by NickKristof: “pro-democracy protesters taking photos with soldiers on Tahrir. Hope they stay friendly.
I commented some years ago on the troubles that Egypt and related tyrant-run countries faced in the coming years. Saudi Arabia will not be far behind and the word will be better off when the House of Saud is toppled.
from Boing Boing by Xeni Jardin
Egypt: A New Spirit of National Pride
Over the weekend, engineers from Google, Twitter and SayNow (a recent Google acquisition) built a phone-to-Twitter bridge to allow Egyptians to transmit and receive #jan25-related tweets without accessing the Internet:
from Boing Boing by Xeni Jardin
from Digging Digitally by Francis Deblauwe
from ethnografix by Ryan Anderson
from Anticopyright-tr Blog by anticopyrighttr
We?ve Waited For This Revolution For Years. Other Despots Should Quail
By Mona Eltahawy, The Observer, January 29, 2011,
from Boing Boing by Sean Bonner
Written by Jillian C. York
This post is part of our special coverage of Egypt Protests 2011.
Following a near-blackout of Internet service on January 27, it seems that the last remaining ISP?Noor Group, which has approximately 8% of market share?has now been cut off as well, leaving Egyptians without any form of Internet access.
@Weddady, a Boston-based activist, tweeted around 4pm EST:
from Mashable! by Vadim Lavrusik
Like many people we?ve been glued to the news unfolding in Egypt and thinking of what we could do to help people on the ground. Over the weekend we came up with the idea of a speak-to-tweet service?the ability for anyone to tweet using just a voice connection.
from Continental Philosophy by Farhang Erfani
Written by Hamid Tehrani
Iranian bloggers from across the political spectrum continue to share their opinions on uprisings in the Arab world.
It is safe to say that just about every news organization and technology-blog spends significant time these days engaging with the ongoing protests and turmoil across the Arab world and the role of internet and mobile media in general and Al-Jazeera, Twitter, Facebook, and texting in particular.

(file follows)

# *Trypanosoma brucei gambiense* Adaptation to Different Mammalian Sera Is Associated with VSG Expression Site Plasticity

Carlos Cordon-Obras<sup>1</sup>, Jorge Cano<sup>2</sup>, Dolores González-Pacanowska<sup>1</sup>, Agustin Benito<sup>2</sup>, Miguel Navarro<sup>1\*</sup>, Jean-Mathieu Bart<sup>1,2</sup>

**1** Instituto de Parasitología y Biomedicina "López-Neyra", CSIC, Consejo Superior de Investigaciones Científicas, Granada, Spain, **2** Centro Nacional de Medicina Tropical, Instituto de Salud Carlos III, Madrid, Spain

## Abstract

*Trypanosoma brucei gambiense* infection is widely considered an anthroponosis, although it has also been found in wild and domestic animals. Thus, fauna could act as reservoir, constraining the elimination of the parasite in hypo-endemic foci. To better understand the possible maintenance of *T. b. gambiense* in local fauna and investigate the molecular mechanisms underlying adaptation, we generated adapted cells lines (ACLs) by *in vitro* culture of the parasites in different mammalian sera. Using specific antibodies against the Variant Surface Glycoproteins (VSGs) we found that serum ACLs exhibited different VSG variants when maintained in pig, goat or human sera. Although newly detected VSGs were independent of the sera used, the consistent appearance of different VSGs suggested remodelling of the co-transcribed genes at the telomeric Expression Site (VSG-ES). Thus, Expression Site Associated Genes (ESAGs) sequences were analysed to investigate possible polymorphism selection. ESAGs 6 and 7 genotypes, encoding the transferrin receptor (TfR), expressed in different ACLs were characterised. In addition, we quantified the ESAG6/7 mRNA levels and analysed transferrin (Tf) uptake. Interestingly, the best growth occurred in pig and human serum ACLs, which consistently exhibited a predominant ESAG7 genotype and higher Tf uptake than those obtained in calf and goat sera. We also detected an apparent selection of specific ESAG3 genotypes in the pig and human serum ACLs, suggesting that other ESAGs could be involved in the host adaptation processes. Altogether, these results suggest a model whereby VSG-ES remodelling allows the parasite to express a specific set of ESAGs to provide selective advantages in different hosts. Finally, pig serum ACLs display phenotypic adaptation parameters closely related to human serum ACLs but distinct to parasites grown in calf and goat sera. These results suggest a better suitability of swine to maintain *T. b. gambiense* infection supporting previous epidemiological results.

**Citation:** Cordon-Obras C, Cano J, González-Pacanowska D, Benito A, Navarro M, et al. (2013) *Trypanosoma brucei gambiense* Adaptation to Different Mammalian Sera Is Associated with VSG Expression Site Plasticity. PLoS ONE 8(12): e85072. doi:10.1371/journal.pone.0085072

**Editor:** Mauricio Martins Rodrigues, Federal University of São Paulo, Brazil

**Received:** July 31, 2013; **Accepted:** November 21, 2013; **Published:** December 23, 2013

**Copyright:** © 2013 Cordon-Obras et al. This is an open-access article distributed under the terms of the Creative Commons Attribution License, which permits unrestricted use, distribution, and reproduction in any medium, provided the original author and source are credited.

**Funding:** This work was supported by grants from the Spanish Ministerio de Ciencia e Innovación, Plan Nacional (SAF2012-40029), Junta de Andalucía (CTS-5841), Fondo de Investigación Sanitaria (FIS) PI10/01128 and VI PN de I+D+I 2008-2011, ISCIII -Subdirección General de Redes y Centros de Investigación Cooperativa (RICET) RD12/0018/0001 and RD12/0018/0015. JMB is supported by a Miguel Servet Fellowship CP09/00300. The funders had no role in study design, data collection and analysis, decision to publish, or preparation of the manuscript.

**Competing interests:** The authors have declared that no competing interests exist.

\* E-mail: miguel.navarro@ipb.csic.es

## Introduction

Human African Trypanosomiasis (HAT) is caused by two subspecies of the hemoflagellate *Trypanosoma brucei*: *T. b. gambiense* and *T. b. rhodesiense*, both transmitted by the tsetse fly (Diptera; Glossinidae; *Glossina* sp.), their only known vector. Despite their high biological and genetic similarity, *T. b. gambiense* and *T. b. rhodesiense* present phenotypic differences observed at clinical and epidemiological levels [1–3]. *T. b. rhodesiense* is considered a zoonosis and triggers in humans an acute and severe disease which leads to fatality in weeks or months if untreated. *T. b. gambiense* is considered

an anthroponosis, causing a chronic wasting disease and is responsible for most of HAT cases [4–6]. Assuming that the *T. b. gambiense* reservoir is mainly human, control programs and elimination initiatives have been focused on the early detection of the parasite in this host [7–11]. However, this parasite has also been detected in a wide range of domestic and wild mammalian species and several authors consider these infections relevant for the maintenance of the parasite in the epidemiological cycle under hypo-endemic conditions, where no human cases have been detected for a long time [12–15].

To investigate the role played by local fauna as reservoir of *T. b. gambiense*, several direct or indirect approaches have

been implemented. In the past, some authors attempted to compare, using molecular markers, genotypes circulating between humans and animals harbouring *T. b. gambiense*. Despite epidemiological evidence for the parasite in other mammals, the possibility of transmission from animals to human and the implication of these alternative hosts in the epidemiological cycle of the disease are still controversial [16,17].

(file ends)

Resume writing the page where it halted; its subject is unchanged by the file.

Mubarak’s strategy for combating the open source protest is now becoming clear. It’s to create a vacuum. De-escalate and out-wait the protest.
Open source protests are composed of people with very different views of the world brought together by a single achievable idea.
By Patricia H. Kushlis
It always amazes me how the pundits ? and others ? are so willing to extend advice albeit often unsolicited when an administration is faced with a foreign crisis. The most egregious proffered that I?ve recently encountered was by Elliot Abrams who devoted an entire Washington Post commentary on Saturday to describe how the Bush administration had it right in terms of the necessity to send in the troops, er, I mean press hard for democratizing the Middle East and the Obama administration has been too soft on dictators including, of course, Hosni Mubarak in Egypt.
It is morning again in Cairo as I post this. The curfew ended at 8:00am and the people of Egypt enter the seventh day of their history making struggle. A famous poem by the early 20th century Tunisian poet Abu al-Qasim al-Shabi, “To the Tyrants of the World” [hear it on NPR] has become a rallying cry in both Tunisia and Egypt.
Political protests in Egypt are ongoing at the time of this writing, mainly in Cairo, Alexandria and some other cities. Who knows what will unfold in the near future? What do cultural anthropologists offer to inform our understanding of this new social movement?
from OPEN ANTHROPOLOGY by M. Jamil Hanifi